A state bill that would have injected more transparency into university system governing board searches for leaders was killed in the state legislature this week, continuing a process that faculty and state officials say “only leads to suspicion.”
The current search process doesn’t require that names of candidates be released, which the dead measure would have changed.
Michele McKinney, the chief spokesperson for the CSU System Board of Governors, said that while the bill would increase transparency in the hiring process, it could deter applicants who do not want their names known before being accepted for the position.
“It could very well hinder the quality of candidates that would apply for positions at this level,” McKinney said.
But John Straayer, a political science professor at CSU and supporter of the bill, said that while the new transparency laws may have deterred some applicants, this loss was not significant enough to make up for the benefits of transparency.
“The exclusion of students, faculty and staff and the secretive nature of (the selection process) only leads to suspicion,” Straayer said.
State Representative John Kefalas, D-Fort Collins, said he suspected that lobbying by higher education had contributed to the death of the bill.
“I’m disappointed that (the bill) failed,” Kefalas said, adding he felt more transparency was needed in the chancellor selection process.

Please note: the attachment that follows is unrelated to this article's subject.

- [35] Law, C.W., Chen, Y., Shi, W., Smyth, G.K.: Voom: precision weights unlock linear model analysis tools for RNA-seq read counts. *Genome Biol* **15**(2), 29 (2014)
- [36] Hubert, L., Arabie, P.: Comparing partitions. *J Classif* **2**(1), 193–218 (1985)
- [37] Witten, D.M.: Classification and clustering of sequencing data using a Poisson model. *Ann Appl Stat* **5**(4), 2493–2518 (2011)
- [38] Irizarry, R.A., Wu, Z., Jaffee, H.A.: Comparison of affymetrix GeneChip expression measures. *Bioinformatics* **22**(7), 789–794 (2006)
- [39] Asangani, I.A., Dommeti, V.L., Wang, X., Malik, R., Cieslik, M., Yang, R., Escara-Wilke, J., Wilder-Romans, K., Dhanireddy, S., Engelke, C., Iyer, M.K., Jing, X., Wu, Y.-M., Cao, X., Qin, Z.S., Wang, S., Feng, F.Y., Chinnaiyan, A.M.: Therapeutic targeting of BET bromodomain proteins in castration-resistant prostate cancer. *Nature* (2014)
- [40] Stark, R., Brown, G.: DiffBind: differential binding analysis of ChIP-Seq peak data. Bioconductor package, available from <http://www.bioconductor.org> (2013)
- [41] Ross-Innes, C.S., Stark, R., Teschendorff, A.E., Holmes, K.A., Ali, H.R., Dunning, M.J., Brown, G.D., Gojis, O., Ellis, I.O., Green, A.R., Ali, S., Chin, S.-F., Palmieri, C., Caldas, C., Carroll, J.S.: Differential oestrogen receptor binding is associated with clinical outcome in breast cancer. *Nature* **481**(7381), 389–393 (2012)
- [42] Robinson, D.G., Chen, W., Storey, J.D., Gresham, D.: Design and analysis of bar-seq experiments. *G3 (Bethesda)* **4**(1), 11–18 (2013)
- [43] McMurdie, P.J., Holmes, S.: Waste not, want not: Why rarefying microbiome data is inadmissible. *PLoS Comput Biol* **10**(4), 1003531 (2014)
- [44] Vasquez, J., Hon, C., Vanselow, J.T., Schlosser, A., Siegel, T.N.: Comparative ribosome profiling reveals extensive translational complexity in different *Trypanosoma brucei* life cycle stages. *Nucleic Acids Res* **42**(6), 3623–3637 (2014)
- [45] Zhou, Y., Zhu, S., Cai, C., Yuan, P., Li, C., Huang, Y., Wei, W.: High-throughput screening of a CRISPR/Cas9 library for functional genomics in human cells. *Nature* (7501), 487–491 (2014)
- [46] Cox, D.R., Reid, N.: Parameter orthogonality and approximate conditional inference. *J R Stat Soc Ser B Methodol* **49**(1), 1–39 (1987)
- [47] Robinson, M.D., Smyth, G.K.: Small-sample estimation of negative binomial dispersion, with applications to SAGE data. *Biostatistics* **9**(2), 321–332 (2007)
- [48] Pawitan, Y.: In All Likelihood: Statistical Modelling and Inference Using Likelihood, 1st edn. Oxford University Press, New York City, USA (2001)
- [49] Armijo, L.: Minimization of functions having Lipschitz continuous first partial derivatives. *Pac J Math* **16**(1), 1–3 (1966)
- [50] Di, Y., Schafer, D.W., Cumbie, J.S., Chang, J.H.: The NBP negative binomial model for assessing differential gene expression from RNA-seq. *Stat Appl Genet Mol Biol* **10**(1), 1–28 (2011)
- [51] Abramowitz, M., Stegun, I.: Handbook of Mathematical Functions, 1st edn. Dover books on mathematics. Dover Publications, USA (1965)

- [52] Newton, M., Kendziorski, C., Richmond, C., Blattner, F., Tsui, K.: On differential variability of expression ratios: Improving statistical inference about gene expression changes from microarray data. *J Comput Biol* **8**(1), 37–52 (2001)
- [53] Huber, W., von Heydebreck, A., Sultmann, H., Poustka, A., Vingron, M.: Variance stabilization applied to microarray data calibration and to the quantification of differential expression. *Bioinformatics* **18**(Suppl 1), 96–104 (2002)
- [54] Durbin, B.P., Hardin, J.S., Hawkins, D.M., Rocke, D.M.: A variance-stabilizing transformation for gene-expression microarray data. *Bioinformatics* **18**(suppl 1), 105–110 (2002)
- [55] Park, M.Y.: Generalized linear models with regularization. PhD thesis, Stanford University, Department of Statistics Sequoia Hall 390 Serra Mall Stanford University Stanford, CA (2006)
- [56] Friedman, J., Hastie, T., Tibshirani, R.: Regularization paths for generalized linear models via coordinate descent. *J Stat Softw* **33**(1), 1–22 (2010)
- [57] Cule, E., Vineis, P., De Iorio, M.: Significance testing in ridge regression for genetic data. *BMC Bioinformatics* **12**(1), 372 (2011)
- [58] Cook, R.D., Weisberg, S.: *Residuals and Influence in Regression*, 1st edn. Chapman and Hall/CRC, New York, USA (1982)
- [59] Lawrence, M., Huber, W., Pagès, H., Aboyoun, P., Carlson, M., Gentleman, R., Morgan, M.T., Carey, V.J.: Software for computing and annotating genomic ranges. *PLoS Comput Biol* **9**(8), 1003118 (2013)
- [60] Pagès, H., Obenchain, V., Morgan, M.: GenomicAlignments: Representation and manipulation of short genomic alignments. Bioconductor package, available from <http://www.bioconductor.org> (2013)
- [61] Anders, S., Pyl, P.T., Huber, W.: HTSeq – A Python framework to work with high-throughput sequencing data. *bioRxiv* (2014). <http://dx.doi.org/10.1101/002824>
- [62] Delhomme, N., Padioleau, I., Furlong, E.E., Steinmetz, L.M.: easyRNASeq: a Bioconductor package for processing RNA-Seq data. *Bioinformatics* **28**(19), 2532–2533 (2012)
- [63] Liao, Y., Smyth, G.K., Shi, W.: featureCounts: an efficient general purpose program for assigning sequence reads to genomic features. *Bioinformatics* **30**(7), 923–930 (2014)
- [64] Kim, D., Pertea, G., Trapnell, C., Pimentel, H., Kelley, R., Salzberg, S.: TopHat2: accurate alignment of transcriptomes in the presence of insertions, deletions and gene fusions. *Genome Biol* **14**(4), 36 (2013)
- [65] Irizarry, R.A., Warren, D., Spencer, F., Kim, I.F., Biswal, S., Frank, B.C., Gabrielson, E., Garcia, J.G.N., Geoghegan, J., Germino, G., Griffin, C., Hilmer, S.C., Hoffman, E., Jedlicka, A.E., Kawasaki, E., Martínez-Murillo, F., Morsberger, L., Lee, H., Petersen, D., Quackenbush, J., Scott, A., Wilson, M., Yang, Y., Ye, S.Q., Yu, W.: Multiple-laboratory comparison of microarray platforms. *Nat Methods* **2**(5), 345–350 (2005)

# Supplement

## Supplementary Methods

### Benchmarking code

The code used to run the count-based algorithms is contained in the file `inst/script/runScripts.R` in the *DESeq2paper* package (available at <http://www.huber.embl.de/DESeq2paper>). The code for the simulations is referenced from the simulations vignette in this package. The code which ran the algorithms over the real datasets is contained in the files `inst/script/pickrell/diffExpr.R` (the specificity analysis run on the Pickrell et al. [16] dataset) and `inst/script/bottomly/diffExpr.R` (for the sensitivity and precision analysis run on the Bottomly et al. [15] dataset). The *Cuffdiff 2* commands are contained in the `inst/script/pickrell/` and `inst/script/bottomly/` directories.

State Representative Randy Fischer, D-Fort Collins, another supporter of the measure, agreed with Kefalas, saying, “I don’t frankly understand this need to be so secretive about the search process.”
Fischer supported the bill and passed a floor amendment that required students and faculty to be on the chancellor search committee.
McKinney said the BOG adequately represented students and faculty in the selection of Blake, as both Taylor Smoot, president of the Associated Students of CSU, and David Fresquez, president of the Associated Students’ Government, were able to be present during board discussions.
The decision to kill the bill was made by Senate Majority Leader Brandon Shaffer, who had originally introduced the bill into the House.
Shaffer and House Majority Leader Paul Weissmann introduced the bill April 30.
The death of the bill coincided with the selection of Denver Chamber of Commerce CEO Joe Blake to lead the CSU System as chancellor on Tuesday.
Highly qualified candidates who currently hold positions elsewhere would be hesitant to make their names public for a job they might not get, McKinney said.
Shaffer said the potential to scare off qualified applicants was the main reason he asked members of the Education Committee to kill the bill.
“I just want to make sure I’m not doing anything that would jeopardize out ability to get the best people,” Shaffer said. He said that it was possible that lobbying by higher education may have planted seeds of doubt in the legislature, but he couldn’t say for sure.
Shaffer said that while there had not been enough time to perfect this bill, he is still open to proposing similar bills in the future.
“At the end of the day, I think it was the right conversation to have,” he said.
Staff writer Matt Minich can be reached at email@example.com.